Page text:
If you’re the parent of a disabled child, you might benefit from practising mindfulness in:
But before we get into its usefulness and what the research says about it, let’s first take a look at what mindfulness actually is.
Mindfulness is a moment-to-moment awareness of thoughts and feelings.
Mindfulness has become a popular way for people to let go of their stress, and to ‘find’ themselves in the midst of their daily (and often very busy) lives.
Studies have shown that practising mindfulness helps foster positive feelings like contentment, self-awareness, empathy and self-control. It soothes the parts of the brain that produce stress hormones and builds those areas that lift mood . The practice of mindfulness is usually a guided process, and there are a number of exercises that can be used by everyone; you don’t need to attend a class. But you can also practice mindfulness simply by concentrating on your own breathing.
There are lots of mobile apps with guided processes for mindfulness. Apps are a helpful option because they can sit in your pocket for the opportune moment – if you are busy looking after your disabled child, convenience is everything. Even if you only have time for 5-10 minutes it can still be very beneficial. It’s well worth doing a bit of research to find an app that you enjoy using, as the practice of mindfulness becomes more powerful when it becomes a daily habit. If you don’t like the sound of the person’s voice or what they are saying, you’ll be less likely to want to listen to the app!
Now, let’s get back to the two ways that it can help you, and what the research actually tells us.
We all face stressful, difficult and challenging situations, and our relationships would probably be a lot stronger without them. But it’s far too idealistic to expect stressful moments will completely go away; they are a fact of life in any relationship. Families with disabled children have to cope with significant emotional, social, physical and financial pressures, and everyone has different coping styles.
Some people cope by focusing on a problem and finding solutions and strategies to improve the situation. Other people focus on finding ways to feel better about a situation by reinterpreting it, distancing themselves, or even denying or avoiding it. Partners can find these differences frustrating. Mindfulness can help us with our reaction to stressful events. By mentally preparing the mind and the body, we can be less controlled by situations when they occur, and we can handle conflict better. This creates some space for us to be the best versions of ourselves for our partners .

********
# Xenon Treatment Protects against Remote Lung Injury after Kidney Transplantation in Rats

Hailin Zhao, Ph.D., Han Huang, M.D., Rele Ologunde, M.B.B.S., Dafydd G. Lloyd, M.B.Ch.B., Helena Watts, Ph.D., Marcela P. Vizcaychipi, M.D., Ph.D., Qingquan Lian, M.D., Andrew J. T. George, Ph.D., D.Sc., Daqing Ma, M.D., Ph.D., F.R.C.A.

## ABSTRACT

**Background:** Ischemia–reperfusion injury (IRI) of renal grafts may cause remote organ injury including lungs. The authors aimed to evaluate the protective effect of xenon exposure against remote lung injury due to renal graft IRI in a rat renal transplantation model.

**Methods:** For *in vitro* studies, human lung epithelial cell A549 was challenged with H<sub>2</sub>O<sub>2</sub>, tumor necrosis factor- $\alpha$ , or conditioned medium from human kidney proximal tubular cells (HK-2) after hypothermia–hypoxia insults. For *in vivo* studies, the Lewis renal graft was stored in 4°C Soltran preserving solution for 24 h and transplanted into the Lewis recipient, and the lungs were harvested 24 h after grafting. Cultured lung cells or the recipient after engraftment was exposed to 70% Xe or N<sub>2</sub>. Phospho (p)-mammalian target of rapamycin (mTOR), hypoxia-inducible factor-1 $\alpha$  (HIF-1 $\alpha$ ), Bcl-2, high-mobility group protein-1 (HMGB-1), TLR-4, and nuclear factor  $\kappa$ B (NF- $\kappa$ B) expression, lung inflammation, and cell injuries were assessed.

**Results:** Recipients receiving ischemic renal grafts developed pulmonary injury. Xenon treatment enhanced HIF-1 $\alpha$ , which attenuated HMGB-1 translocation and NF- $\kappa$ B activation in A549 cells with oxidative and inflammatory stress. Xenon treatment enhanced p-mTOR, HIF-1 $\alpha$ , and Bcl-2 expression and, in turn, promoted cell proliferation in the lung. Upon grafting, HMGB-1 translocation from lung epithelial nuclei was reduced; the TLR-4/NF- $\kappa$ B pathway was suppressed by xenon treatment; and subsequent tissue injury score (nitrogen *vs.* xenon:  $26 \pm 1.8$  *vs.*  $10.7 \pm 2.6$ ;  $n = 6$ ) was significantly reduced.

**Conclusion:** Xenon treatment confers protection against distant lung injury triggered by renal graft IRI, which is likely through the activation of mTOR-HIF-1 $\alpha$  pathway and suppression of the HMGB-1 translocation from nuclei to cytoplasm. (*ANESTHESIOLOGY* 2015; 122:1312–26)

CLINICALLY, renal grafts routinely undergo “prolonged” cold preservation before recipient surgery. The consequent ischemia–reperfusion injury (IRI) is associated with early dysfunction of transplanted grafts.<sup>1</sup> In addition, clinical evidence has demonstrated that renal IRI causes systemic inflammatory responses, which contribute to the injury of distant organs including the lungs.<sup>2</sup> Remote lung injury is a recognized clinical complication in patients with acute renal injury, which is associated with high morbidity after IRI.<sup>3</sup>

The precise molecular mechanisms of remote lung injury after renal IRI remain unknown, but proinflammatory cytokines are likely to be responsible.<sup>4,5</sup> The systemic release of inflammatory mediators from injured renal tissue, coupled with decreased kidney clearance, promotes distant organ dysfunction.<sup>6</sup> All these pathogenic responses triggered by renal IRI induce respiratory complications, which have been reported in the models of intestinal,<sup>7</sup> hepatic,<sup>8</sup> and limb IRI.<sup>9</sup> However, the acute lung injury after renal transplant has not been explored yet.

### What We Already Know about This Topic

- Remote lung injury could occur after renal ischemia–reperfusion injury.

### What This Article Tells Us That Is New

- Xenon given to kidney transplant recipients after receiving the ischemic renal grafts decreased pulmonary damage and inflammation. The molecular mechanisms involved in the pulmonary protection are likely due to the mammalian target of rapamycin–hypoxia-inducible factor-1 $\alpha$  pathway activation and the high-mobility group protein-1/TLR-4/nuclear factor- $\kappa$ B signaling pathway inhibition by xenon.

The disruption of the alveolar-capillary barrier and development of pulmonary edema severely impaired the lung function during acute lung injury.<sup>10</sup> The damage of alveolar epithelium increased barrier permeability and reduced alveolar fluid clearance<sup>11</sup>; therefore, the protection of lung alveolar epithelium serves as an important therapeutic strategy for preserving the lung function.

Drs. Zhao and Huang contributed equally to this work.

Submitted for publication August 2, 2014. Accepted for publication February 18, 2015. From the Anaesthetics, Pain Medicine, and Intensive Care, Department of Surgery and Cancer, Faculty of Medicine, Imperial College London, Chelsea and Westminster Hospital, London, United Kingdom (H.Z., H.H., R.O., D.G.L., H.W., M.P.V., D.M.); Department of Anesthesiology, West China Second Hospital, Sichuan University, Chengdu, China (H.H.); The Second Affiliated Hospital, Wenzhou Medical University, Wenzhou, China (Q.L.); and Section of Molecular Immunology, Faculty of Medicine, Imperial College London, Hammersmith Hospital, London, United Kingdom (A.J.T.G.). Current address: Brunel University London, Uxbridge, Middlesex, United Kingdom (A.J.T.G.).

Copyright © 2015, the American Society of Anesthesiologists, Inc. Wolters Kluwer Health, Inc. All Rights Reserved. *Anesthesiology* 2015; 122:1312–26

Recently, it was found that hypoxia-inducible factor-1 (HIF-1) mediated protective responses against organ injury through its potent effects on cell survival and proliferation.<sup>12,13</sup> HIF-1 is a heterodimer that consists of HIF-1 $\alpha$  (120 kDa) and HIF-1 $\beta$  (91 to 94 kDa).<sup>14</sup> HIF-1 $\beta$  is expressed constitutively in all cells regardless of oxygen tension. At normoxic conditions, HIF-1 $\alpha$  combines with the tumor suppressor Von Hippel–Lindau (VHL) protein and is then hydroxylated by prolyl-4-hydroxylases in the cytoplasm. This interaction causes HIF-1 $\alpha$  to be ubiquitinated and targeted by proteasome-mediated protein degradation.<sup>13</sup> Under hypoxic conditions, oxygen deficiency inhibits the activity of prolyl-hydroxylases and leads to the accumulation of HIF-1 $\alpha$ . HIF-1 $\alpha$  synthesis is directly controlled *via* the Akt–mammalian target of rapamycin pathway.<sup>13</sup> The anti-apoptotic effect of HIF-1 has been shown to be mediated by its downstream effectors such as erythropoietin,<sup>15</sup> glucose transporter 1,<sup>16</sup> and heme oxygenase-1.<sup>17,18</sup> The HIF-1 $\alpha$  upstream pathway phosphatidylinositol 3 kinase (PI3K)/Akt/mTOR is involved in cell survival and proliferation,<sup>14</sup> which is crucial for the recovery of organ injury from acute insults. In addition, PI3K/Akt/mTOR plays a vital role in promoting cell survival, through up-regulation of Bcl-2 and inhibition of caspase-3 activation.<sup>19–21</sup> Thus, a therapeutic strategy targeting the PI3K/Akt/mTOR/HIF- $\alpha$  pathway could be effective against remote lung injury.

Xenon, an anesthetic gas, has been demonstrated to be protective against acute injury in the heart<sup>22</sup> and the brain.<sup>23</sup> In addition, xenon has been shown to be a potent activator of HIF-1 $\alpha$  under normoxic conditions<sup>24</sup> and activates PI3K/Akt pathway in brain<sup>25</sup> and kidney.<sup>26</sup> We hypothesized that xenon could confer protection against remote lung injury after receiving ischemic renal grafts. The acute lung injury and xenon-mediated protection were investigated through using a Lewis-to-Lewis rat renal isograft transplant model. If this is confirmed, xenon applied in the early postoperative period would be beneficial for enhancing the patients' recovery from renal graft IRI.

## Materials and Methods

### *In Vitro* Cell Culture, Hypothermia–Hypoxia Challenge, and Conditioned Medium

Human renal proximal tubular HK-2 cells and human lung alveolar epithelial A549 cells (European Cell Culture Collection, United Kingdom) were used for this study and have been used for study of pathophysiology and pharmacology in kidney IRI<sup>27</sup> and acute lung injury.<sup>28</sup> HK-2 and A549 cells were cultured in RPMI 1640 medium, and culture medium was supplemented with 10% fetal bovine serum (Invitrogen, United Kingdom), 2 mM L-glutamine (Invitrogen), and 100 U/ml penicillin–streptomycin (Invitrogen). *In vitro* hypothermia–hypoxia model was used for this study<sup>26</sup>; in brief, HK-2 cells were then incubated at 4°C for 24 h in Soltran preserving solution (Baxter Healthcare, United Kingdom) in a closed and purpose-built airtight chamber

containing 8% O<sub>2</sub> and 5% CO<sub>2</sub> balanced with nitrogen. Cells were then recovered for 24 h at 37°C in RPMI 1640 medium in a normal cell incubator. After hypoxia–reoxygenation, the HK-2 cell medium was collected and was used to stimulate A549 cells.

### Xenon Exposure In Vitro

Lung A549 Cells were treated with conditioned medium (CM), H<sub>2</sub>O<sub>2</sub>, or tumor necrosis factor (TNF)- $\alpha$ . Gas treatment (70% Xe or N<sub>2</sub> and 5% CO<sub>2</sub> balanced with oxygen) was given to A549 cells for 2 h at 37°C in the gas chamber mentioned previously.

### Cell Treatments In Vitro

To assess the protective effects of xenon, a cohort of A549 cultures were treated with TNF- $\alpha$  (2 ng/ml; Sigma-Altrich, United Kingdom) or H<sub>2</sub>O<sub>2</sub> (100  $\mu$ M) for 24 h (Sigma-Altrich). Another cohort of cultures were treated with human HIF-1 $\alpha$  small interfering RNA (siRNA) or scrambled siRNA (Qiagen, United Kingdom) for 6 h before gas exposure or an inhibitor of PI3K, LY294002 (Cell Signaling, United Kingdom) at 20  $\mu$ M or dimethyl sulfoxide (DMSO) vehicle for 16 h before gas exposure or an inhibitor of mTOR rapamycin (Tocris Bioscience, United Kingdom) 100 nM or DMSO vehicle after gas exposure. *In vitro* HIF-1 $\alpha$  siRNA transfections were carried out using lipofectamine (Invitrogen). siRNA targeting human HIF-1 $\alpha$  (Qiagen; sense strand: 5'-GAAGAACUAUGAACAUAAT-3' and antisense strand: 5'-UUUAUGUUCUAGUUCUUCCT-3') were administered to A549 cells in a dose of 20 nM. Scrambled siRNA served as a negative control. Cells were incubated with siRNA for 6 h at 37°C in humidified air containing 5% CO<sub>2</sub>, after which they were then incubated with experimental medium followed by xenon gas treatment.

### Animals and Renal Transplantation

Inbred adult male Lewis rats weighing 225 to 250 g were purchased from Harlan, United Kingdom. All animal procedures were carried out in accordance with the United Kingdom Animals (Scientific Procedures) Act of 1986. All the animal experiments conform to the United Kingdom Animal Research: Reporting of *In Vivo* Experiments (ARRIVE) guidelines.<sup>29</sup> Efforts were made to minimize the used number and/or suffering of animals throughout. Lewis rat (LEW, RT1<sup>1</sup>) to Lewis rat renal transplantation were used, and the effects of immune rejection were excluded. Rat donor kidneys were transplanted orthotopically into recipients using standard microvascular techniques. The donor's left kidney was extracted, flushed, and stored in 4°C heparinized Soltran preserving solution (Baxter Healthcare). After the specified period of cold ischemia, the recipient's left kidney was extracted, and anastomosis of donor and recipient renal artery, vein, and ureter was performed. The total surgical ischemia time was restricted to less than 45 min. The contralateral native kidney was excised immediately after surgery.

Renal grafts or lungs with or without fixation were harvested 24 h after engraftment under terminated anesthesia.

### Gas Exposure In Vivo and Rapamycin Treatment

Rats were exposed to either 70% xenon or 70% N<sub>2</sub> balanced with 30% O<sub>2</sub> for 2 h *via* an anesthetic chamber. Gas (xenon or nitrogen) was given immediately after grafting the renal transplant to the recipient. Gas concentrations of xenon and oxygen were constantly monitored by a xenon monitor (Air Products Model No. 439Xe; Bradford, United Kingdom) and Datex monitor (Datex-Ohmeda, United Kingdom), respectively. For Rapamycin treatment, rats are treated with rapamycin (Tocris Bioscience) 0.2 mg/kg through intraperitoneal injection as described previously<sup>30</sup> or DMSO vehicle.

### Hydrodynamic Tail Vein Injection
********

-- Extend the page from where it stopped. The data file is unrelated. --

Mindfulness is also very much geared towards experiencing the present moment, and having a moment-to-moment awareness of the world around us. By being truly ‘present’ with our partners, this can help us become better listeners and focus on how to improve the problems we face.
From a carried out on mothers with children who have autism (65%) and other disabilities (35%), mindfulness led to “significant improvements” in:
While this particular study carried out by the The American Academy of Pediatrics was aimed at mothers, the nature of the results suggest that fathers would also benefit. There’s more research to be done, but for now, the benefits are encouraging.
If you want to try out some mindfulness, search for ‘mindfulness apps’ in your search engine to bring up information about free and paid Apps for iPhone or Android, plus reviews for them. Some focus on topics such as relationships, health or sleep. Try out a few to find the right one for you.
Have you tried mindfulness for yourself, with your partner or with your family? Did you find that it made a difference? Or are you a little skeptical? We’d love to hear your thoughts – so please do leave us a comment or get in touch via our Facebook page.
 Carson, J. W., Carson, K. M., Gil, K. M., & Baucom, D. H. (2004). Mindfulness-based relationship enhancement. Behavior therapy, 35(3), 471-494 http://www.sciencedirect.com/science/article/pii/S0005789404800285
 Dykens, E. M., Fisher, M. H., Taylor, J. L., Lambert, W., & Miodrag, N. (2014). Reducing distress in mothers of children with autism and other disabilities: a randomized trial. Pediatrics, 134(2), e454-e463 http://pediatrics.aappublications.org/content/early/2014/07/16/peds.2013-3164